Gisela is said to be the wife of King Childerich III. have been. This statement comes from Johannes Aventinus (1477–1534), which he took from documents relating to St. Kisyla , a nun and benefactress of the Kochel am See Abbey in the 8th century. In these documents, Kisyla is referred to as regina and as a member of the Franconian royal family. Aventinus translated regina with queen and saw Kisyla as the wife of a Merovingian. In the chronology only Childerich III would come for this. in question. Indeed, at the time of Kisylas, female members of a royal family were often given the title regina . Paul Ruf rejected the status of "Queen" in 1929 and described her as a member of a Bavarian noble family of the 8th century. In 1931 Bernhard Bischoff admitted Kisyla royal descent and equated her with Gisela, the sister of Charlemagne and from 788 to 810 abbess of Chelles . Alain Stoclet concluded in 1986 that two women of this name had been mixed up here: on the one hand, a noblewoman who lived near Gauting at the end of the 8th century , and on the other, a daughter of Ludwig II of Italy and abbess of Brescia .

In 1975 Szabolcs de Vajay suggested identifying the wife of Count Heribert von Laon as Gisela in order to explain the accumulation of this name in the Carolingian family . Consequently, Gisela von Laon and Gisela, the (hypothetical) wife of Childerich III, are brought into closer relatives in order to underpin the ancestry of the Carolingians from the Merovingians


According to Jakob Mennel, Odoperth is said to be the ancestor of the Habsburgs , as he stated in his Princely Chronicle , which he handed over to Emperor Maximilian in 1518. According to this, Odoperth would have been another son of Chlothar I.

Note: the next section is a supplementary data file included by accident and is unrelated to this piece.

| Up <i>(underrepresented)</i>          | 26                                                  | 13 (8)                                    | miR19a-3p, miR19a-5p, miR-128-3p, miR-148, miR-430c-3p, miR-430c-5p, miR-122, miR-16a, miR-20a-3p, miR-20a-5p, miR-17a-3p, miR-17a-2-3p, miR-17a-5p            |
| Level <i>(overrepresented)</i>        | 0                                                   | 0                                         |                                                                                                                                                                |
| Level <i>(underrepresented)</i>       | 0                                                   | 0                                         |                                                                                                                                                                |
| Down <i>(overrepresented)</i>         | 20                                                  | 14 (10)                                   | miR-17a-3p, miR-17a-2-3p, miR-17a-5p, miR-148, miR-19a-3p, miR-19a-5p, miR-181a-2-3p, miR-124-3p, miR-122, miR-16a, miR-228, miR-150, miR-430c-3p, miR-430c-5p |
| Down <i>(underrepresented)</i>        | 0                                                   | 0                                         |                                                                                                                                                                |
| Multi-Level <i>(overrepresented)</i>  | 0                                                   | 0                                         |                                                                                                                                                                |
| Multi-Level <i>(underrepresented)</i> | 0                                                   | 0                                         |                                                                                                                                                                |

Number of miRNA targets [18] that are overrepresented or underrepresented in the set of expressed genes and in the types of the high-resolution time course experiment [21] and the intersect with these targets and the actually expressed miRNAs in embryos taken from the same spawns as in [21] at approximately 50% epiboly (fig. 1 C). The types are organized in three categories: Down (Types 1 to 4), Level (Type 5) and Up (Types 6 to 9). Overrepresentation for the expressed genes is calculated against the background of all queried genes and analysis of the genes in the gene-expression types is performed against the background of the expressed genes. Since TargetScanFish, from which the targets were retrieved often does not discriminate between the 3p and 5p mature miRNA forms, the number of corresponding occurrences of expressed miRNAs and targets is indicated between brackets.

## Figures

Sigibert IV.

Sigibert IV. (676-758), called le Plantard , and his son Sigibert V were after Pierre Plantard the son or grandson of King Dagobert II. They were invented in forged documents in the course of the Prieuré de Sion hoax had the purpose of having Plantard appear as a candidate for the French throne. This fictional genealogy was first disseminated in 1967 in the book Le Trésor maudit by Plantard's colleague Gérard de Sède , and it became known through the book The Holy Grail and His Heirs .

A Siegbert or Sigibert as the son of King Dagobert II appeared, however, as early as the Middle Ages in connection with a legend of saints . According to this legend, the hermit Arbogast of Strasbourg is said to have raised Siegbert, who died in a hunting accident, at the request of King Dagobert. In gratitude, Dagobert appointed Arbogast bishop of Strasbourg . The legend is anachronistic , however , as Arbogast died long before Siegbert's supposed birth.


  1. Joseph-François Rabanis, Les Mérovingiens d'Aquitaine, essai historique et critique sur la charte d'Alaon , Paris 1856
  2. ^ Iohannes Turmair, called Aventinus; Annales ducum Boiariae . S. Riezler, Munich, 1882–1884
  3. Paul Ruf: Kisyla von Kochel and her alleged donations . In: Studies and Communications on the History of the Benedictine Order , Volume 16. 1929; Pages 461-476
  4. ^ Bernhard Bischoff: Who is the nun from Heidenheim? In: Studies and communications on the history of the Benedictine order and its branches , Volume 19. 1931; Page 387–388
  5. Alain Stoclet: Gisèle, Kysala, Chelles, Benediktbeuren et Kochel. Scriptoria, Bibliothèques et politique à l'époque Carolingienne: une mise au point . In: Revue Bénédictine 96 (1986)
  6. Szabolcz de Vajay: Name selection Carolingian. Onomastics as a guide to determining a Merovingian descent of Charlemagne . Genealogisches Jahrbuch 15 (1975), pages 5-24. See also Christian Settipani : a) La préhistoire des Capétiens 481–987, Prémière partie, Mérovingiens, Carolingiens et Robertiens ; Pages 129–130, and b) Les ancêtres de Charlemagne ; Pp. 21-22
  7. ^ Albert Urban (ed.): Lexicon of Saints and Name Days , Herder Verlag, Freiburg im Breisgau 2010, p. 58.